Business analytics data analysis and decision making 5th by wayne l winston chapter 05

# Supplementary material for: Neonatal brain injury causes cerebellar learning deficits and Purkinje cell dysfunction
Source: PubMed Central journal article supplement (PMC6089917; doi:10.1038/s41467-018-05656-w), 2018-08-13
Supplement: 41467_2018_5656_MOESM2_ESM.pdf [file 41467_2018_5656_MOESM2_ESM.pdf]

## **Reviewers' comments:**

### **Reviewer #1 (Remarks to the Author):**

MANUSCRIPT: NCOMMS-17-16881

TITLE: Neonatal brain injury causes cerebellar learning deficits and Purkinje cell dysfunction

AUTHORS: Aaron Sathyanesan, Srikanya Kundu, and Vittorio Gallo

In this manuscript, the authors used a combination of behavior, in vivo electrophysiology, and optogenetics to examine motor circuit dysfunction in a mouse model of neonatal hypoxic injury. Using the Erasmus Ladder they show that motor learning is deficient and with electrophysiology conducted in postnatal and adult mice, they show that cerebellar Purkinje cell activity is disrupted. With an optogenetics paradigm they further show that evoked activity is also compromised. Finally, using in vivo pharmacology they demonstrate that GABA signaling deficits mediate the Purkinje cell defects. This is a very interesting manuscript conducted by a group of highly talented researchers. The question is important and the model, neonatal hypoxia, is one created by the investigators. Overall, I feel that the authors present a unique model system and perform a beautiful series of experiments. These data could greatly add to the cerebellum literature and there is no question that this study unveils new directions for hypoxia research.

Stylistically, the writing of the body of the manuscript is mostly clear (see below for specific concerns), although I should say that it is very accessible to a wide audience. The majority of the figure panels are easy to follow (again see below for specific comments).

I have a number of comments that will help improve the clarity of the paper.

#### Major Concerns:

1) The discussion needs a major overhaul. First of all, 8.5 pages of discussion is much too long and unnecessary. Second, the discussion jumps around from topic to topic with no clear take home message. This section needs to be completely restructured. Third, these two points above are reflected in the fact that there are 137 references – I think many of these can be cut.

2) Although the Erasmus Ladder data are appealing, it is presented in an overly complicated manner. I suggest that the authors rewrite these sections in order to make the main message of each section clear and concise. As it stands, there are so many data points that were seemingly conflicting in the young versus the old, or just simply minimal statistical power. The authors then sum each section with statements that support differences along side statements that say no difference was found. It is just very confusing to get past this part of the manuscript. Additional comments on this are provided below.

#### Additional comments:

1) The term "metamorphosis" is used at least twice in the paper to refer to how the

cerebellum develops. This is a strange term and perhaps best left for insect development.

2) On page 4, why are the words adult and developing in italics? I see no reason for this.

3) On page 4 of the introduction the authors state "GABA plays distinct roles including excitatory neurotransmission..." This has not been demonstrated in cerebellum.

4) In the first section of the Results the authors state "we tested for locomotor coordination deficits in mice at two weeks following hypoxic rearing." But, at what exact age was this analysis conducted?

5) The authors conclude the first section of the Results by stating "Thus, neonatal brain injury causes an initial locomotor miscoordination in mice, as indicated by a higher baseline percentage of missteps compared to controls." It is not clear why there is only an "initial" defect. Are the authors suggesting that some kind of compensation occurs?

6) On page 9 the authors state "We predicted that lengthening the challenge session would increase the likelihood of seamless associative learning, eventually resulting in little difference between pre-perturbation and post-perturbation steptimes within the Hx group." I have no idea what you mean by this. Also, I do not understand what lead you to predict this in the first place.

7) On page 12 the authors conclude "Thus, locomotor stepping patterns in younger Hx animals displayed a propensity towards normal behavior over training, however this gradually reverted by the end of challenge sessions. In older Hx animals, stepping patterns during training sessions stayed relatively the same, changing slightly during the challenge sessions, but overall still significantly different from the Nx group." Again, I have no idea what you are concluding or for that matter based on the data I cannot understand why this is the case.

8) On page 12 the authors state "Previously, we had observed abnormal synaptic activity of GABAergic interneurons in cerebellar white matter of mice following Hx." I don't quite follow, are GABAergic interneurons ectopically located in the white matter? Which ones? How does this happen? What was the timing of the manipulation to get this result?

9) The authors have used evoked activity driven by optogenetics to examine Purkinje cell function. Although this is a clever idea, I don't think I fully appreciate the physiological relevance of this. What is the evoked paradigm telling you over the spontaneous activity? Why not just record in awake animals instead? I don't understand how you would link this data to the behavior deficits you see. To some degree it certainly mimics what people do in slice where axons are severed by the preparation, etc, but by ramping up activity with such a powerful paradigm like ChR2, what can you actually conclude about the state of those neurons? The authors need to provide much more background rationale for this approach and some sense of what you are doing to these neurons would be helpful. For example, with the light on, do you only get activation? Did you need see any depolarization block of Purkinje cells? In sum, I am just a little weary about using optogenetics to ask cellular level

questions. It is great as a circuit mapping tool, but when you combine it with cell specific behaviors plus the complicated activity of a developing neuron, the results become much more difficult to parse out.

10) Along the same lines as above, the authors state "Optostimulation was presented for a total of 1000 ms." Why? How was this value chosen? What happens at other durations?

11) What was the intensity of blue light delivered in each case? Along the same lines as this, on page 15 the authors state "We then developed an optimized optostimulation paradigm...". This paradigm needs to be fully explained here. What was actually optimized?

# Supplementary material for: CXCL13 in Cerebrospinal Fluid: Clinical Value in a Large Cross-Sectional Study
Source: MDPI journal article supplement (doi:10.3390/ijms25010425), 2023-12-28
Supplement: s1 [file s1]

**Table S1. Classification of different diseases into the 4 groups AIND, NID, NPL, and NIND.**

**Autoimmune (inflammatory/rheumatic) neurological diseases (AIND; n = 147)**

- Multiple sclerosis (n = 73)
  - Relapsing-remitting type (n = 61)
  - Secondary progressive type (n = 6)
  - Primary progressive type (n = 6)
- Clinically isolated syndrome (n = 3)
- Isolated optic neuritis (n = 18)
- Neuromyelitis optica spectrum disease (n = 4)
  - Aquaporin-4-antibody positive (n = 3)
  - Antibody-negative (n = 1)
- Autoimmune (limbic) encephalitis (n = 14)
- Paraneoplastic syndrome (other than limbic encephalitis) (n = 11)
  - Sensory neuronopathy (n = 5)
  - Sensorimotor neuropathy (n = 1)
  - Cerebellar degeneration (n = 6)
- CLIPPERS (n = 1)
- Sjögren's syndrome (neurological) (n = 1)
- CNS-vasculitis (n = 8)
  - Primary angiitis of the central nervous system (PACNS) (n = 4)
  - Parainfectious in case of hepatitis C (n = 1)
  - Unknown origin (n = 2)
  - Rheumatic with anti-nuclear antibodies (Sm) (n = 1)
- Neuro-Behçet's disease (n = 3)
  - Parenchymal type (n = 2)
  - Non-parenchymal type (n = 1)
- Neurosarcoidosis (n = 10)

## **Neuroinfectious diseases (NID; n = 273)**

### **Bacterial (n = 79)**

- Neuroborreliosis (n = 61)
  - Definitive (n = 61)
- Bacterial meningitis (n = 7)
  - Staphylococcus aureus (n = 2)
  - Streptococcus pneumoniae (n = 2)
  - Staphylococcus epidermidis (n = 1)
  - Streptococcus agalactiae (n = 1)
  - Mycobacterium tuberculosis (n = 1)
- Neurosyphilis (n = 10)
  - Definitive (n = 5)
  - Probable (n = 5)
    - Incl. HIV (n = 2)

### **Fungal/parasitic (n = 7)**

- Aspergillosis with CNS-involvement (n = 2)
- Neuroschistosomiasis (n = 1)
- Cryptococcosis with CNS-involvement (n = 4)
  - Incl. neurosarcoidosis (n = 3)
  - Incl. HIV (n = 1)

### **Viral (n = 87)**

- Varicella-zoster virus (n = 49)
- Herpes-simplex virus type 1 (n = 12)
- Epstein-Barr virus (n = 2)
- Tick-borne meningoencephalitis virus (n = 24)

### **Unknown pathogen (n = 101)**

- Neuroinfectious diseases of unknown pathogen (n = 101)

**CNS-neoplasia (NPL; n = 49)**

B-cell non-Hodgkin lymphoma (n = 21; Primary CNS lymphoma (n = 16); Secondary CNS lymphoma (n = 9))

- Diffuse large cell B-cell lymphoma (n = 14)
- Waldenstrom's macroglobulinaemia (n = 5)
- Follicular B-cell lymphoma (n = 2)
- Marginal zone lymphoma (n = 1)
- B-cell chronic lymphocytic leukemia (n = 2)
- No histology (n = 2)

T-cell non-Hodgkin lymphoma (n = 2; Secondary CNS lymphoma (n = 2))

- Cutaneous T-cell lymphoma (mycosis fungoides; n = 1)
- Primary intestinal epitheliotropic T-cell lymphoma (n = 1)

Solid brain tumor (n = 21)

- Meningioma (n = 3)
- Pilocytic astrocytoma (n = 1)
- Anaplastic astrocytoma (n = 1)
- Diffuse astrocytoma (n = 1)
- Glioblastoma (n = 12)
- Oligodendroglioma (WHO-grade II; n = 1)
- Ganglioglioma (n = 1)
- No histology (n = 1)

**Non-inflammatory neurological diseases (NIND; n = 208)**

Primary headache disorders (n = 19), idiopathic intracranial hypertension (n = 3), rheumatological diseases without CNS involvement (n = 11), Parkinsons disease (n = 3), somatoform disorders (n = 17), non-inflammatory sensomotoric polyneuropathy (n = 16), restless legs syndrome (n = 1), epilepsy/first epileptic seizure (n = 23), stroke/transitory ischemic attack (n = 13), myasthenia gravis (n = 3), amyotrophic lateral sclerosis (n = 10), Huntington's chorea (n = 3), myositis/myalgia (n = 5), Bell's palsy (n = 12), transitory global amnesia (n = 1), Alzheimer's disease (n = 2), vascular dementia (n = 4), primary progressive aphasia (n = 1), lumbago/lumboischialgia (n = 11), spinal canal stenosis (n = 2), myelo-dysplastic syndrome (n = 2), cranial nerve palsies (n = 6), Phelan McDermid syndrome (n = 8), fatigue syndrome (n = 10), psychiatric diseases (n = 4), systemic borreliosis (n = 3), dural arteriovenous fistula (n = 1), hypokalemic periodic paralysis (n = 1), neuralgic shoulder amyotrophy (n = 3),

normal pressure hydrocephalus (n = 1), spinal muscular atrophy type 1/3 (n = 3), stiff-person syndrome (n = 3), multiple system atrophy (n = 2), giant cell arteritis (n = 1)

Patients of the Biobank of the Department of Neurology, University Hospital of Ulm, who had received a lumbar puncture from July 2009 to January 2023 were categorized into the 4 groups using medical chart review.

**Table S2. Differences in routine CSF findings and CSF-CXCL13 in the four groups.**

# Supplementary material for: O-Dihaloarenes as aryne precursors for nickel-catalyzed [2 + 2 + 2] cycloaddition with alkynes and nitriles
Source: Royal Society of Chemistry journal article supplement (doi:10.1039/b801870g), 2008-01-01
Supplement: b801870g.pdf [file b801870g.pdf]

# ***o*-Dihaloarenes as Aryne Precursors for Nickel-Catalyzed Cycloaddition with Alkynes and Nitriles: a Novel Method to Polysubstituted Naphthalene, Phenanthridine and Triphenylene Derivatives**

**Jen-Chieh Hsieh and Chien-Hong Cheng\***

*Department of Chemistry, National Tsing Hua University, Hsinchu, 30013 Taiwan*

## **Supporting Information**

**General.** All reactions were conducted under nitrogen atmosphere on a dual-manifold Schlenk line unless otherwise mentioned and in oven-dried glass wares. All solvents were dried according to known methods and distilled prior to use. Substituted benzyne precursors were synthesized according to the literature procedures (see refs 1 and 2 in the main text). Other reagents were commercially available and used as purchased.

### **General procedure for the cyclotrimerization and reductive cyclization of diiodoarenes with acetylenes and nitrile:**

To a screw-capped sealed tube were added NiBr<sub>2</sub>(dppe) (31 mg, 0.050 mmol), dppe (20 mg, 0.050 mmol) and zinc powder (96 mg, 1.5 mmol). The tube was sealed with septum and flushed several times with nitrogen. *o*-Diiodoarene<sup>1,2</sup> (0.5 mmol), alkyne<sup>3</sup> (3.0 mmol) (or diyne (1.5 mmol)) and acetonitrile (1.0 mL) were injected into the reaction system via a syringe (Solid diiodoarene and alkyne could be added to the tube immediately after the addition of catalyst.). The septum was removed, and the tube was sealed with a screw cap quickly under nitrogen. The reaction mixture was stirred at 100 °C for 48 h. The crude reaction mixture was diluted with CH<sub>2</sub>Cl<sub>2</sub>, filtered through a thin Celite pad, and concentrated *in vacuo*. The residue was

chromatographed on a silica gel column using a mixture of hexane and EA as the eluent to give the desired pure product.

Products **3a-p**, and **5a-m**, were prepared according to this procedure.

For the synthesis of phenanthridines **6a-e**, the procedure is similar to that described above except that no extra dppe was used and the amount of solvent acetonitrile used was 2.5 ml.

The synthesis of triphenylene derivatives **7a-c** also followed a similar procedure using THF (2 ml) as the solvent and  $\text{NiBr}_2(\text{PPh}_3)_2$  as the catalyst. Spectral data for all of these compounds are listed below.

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part © 2015 Cengage Learning All Rights Reserved May not be scanned, copied or duplicated, or posted to a publicly accessible website, in whole or in Business Analytics: Data Analysis and Chapter Decision Making Normal, Binomial, Poisson, and Exponential Distributions Introduction  Several specific distributions commonly occur in a variety of business situations:  Normal distribution—a continuous distribution characterized by a symmetric bell-shaped curve  Binomial distribution—a discrete distribution that is relevant when we sample from a population with only two types of members or when we perform a series of independent, identical experiments with only two possible outcomes  Poisson distribution—a discrete distribution that describes the number of events in any period of time  Exponential distributions—a continuous distribution that describes the times between events © 2015 Cengage Learning All Rights Reserved May not be scanned, copied or duplicated, or posted to a publicly accessible website, in whole or in part The Normal Distribution  The single most important distribution in statistics is the normal distribution  It is a continuous distribution and is the basis of the familiar symmetric bellshaped curve  Any particular normal distribution is specified by its mean and standard deviation  By changing the mean, the normal curve shifts to the right or left  By changing the standard deviation, the curve becomes more or less spread out  There are really many normal distributions, not just a single one  The normal distribution is a two-parameter family, where the two parameters are the mean and standard deviation © 2015 Cengage Learning All Rights Reserved May not be scanned, copied or duplicated, or posted to a publicly accessible website, in whole or in part Continuous Distributions and Density Functions (slide of 2)  For continuous distributions, instead of a list of possible values, there is a continuum of possible values, such as all values between and 100 or all values greater than  Instead of assigning probabilities to each individual value in the continuum, the total probability of is spread over this continuum  The key to this spreading is called a density function, which acts like a histogram  The higher the value of the density function, the more likely this region of the continuum is © 2015 Cengage Learning All Rights Reserved May not be scanned, copied or duplicated, or posted to a publicly accessible website, in whole or in part Continuous Distributions and Density Functions (slide of 2)  A density function, usually denoted by f(x), specifies the probability distribution of a continuous random variable X  The higher f(x) is, the more likely x is  The total area between the graph of f(x) and the horizontal axis, which represents the total probability, is equal to  f(x) is nonnegative for all possible values of X  Probabilities are found from a density function as areas under the curve © 2015 Cengage Learning All Rights Reserved May not be scanned, copied or duplicated, or posted to a publicly accessible website, in whole or in part The Normal Density  The normal distribution is a continuous distribution with possible values ranging over the entire number line—from “minus infinity” to “plus infinity.”  Only a relatively small range has much chance of occurring  The normal density function is actually quite complex, in spite of its “nice” bell-shaped appearance  The formula for the normal density function, where μ and σ are the mean and standard deviation, is: © 2015 Cengage Learning All Rights Reserved May not be scanned, copied or duplicated, or posted to a publicly accessible website, in whole or in part Standardizing: Z-Values  The standard normal distribution has mean and standard deviation 1, so it is denoted by N(0,1)  It is also referred to as the Z distribution  To standardize a variable, subtract its mean and then divide the difference by the standard deviation:  A Z-value is the number of standard deviations to the right or left of the mean  If Z is positive, the original value is to the right of the mean  If Z is negative, the original value is the left of the mean © 2015 Cengage Learning All Rights Reserved May not be scanned, copied or duplicated, or posted to a publicly accessible website, in whole or in part Example 5.1: Standardizing.xlsx  Objective: To use Excel® to standardize annual returns of various mutual funds  Solution: Data set includes the annual returns of 30 mutual funds  Calculate the mean and standard deviation of each annual return and then use the standardizing formula to calculate the corresponding Zvalue  OR calculate the Z-values directly, using Excel’s STANDARDIZE function © 2015 Cengage Learning All Rights Reserved May not be scanned, copied or duplicated, or posted to a publicly accessible website, in whole or in part Normal Tables and Z-Values  A common use for Z-values and the standard normal distribution is in calculating probabilities and percentiles by the traditional method  This method is based on a table of the standard normal distribution found in many statistics textbooks An example of such a table is given below  The body of the table contains probabilities  The left and top margins contain possible values © 2015 Cengage Learning All Rights Reserved May not be scanned, copied or duplicated, or posted to a publicly accessible website, in whole or in part Normal Calculations in Excel  Two types of calculations are typically made with normal distributions: finding probabilities and finding percentiles  The functions used for normal probability calculations are NORMDIST and NORMSDIST  The main difference between these is that the one with the “S” (for standardized) applies only to N(0, 1) calculations, whereas NORMDIST applies to any normal distribution  Percentile calculations that take a probability and return a value are often called inverse calculations  The Excel functions for these are named NORMINV and NORMSINV  Again, the “S” in the second of these indicates that it applies to the standard normal distribution © 2015 Cengage Learning All Rights Reserved May not be scanned, copied or duplicated, or posted to a publicly accessible website, in whole or in part The Normal Approximation to the Binomial  If you graph the binomial probabilities, you will see an interesting phenomenon: the graph begins to look symmetric and bell-shaped when n is fairly large and p is not too close to or  The normal distribution provides a very good approximation to the binomial under these conditions  One practical consequence of the normal approximation to the binomial is that the empirical rules apply very well to binomial distributions © 2015 Cengage Learning All Rights Reserved May not be scanned, copied or duplicated, or posted to a publicly accessible website, in whole or in part Example 5.8: Beating the Market.xlsx  Objective: To determine the probability of a mutual fund outperforming a standard market index at least 37 out of 52 weeks  Solution: The number of weeks where a given fund outperforms the market index is binomially distributed with n = 52 and p = 0.5 This probability is quite small (0.00159)  Now let Y be the number of the 400 best mutual funds that beat the market at least 37 of 52 weeks Y is also binomially distributed, with parameters n = 400 and p = 0.00159 The resulting probability is nearly 0.5 © 2015 Cengage Learning All Rights Reserved May not be scanned, copied or duplicated, or posted to a publicly accessible website, in whole or in part Example 5.9: Supermarket Spending.xlsx  Objective: To use the normal and binomial distributions to calculate the typical number of customers who spend at least $100 per day and the probability that at least 30% of all 500 daily customers spend at least $100  Solution: Historical data indicate that the amount spent per customer is normally distributed with mean $85 and standard deviation $30  If 500 customers shop in a given day, calculate the mean and standard deviation of the number who spend at least $100  Then calculate the probability that at least 30% of the 500 customers spend at least $100 This is the probability that a binomially distributed random variable, with n = 500 and p = 0.309, is at least 150 © 2015 Cengage Learning All Rights Reserved May not be scanned, copied or duplicated, or posted to a publicly accessible website, in whole or in part Example 5.10: Airline Overbooking.xlsx (slide of 2)  Objective: To assess the benefits and drawbacks of airline overbooking  Solution: Assume that the no-show rate is 10%—that is, each ticketed passenger shows up with probability 0.90  For a flight with 200 seats, calculate the probability that more than 205 passengers show up; that more than 200 passengers show up; that at least 195 seats are filled; and that at least 190 seats are filled  Use the BINOMDIST function and a data table to determine the probabilities © 2015 Cengage Learning All Rights Reserved May not be scanned, copied or duplicated, or posted to a publicly accessible website, in whole or in part Example 5.10: Airline Overbooking.xlsx (slide of 2)  To see how sensitive these probabilities are to the number of tickets issued, create a one-way data table, as shown at the bottom of the spreadsheet below © 2015 Cengage Learning All Rights Reserved May not be scanned, copied or duplicated, or posted to a publicly accessible website, in whole or in part Example 5.11: Election Returns.xlsx  Objective: To use a binomial model to determine whether early returns reflect the eventual winner of an election between two candidates  Solution: Suppose that a small percentage of the votes have been counted and the Republican is currently ahead 540 to 460 On what basis can the networks declare the Republican the winner, if there are millions of voters?  Use a binomial model to see how unlikely the event “at least 540 out of 1000” is, assuming that the Democrat will be the eventual winner © 2015 Cengage Learning All Rights Reserved May not be scanned, copied or duplicated, or posted to a publicly accessible website, in whole or in part Example 5.12: Basketball Simulation.xlsx  Objective: To formulate a nonbinomial model of basketball shooting, and to use it to find the probability of a “450 shooter” making at least 13 out of 25 shots  Solution: Assume the shooter makes 45% of his shots in the long run  Use simulation to create a model that implies that the shooter gets better the more shots he makes and worse the more he misses  Consider his nth shot If he has made his last k shots, assume the probability of making shot n is 0.45 + kd1  If he has missed his last k shots, assume the probability of making shot n is 0.45 − kd2 © 2015 Cengage Learning All Rights Reserved May not be scanned, copied or duplicated, or posted to a publicly accessible website, in whole or in part The Poisson and Exponential Distributions  In most statistical applications, the Poisson and exponential distributions play a much less important role than the normal and binomial distributions  However, in many applied management science models, the Poisson and exponential distributions are key distributions  For example, much of the study of probabilistic inventory models, queuing models, and reliability models relies heavily on these two distributions © 2015 Cengage Learning All Rights Reserved May not be scanned, copied or duplicated, or posted to a publicly accessible website, in whole or in part The Poisson Distribution (slide of 3)  The Poisson distribution is a discrete distribution It usually applies to the number of events occurring within a specified period of time or space  Its possible values are all of the nonnegative integers: 0, 1, 2, and so on— there is no upper limit  Even though there is an infinite number of possible values, this causes no real problems because the probabilities of all sufficiently large values are essentially  The Poisson distribution is characterized by a single parameter, usually labeled λ (Greek lambda), which must be positive  It is both the mean and the variance of the Poisson distribution  It is often called a rate—arrivals per hour, for example © 2015 Cengage Learning All Rights Reserved May not be scanned, copied or duplicated, or posted to a publicly accessible website, in whole or in part The Poisson Distribution (slide of 3)  All Poisson distributions have the same basic shape as in the figure below  That is, they first increase and then decrease © 2015 Cengage Learning All Rights Reserved May not be scanned, copied or duplicated, or posted to a publicly accessible website, in whole or in part The Poisson Distribution (slide of 3)  Typical examples of the Poisson distribution:  A bank manager is studying the arrival pattern to the bank The events are customer arrivals, the number of arrivals in an hour is Poisson distributed, and λ represents the expected number of arrivals per hour  A retailer is interested in the number of customers who order a particular product in a week Then the events are customer orders for the product, the number of customer orders in a week is Poisson distributed, and λ is the expected number of orders per week  In Excel, calculate Poisson probabilities with the POISSON function © 2015 Cengage Learning All Rights Reserved May not be scanned, copied or duplicated, or posted to a publicly accessible website, in whole or in part Example 5.13: Poisson Demand Distribution.xlsx (slide of 2)  Objective: To model the probability distribution of monthly demand for plasma screen TVs with a particular Poisson distribution  Solution: Because the histogram of demands from previous months resembles a Poisson distribution, try modeling the monthly demand with a Poisson distribution  The historical average demand per month is about 17, so let the mean demand per month λ = 17  Now test the Poisson model by calculating the probabilities of various events © 2015 Cengage Learning All Rights Reserved May not be scanned, copied or duplicated, or posted to a publicly accessible website, in whole or in part Example 5.13: Poisson Demand Distribution.xlsx (slide of 2) © 2015 Cengage Learning All Rights Reserved May not be scanned, copied or duplicated, or posted to a publicly accessible website, in whole or in part The Exponential Distribution (slide of 2)  The most common probability distribution used to model the times between customer arrivals, often called interarrival times, is the exponential distribution  In general, the continuous random variable X has an exponential distribution with parameter λ (with λ > 0) if the density function of X has the form:  The mean and standard deviation of this distribution are both equal to the reciprocal of the parameter λ  For any exponential distribution, the probability to the left of a given value x > can be calculated with Excel’s EXPONDIST function © 2015 Cengage Learning All Rights Reserved May not be scanned, copied or duplicated, or posted to a publicly accessible website, in whole or in part The Exponential Distribution (slide of 2)  The exponential density function has the shape shown below  Because this density function decreases continuously from left to right, its most likely value is x = © 2015 Cengage Learning All Rights Reserved May not be scanned, copied or duplicated, or posted to a publicly accessible website, in whole or in part ... mean  Almost all fall within three standard deviations of the mean  For these rules to hold with real data, the distribution of the data must be at least approximately symmetric and bell-shaped... duplicated, or posted to a publicly accessible website, in whole or in part Example 5.12: Basketball Simulation.xlsx  Objective: To formulate a nonbinomial model of basketball shooting, and. .. (for standardized) applies only to N(0, 1) calculations, whereas NORMDIST applies to any normal distribution  Percentile calculations that take a probability and return a value are often called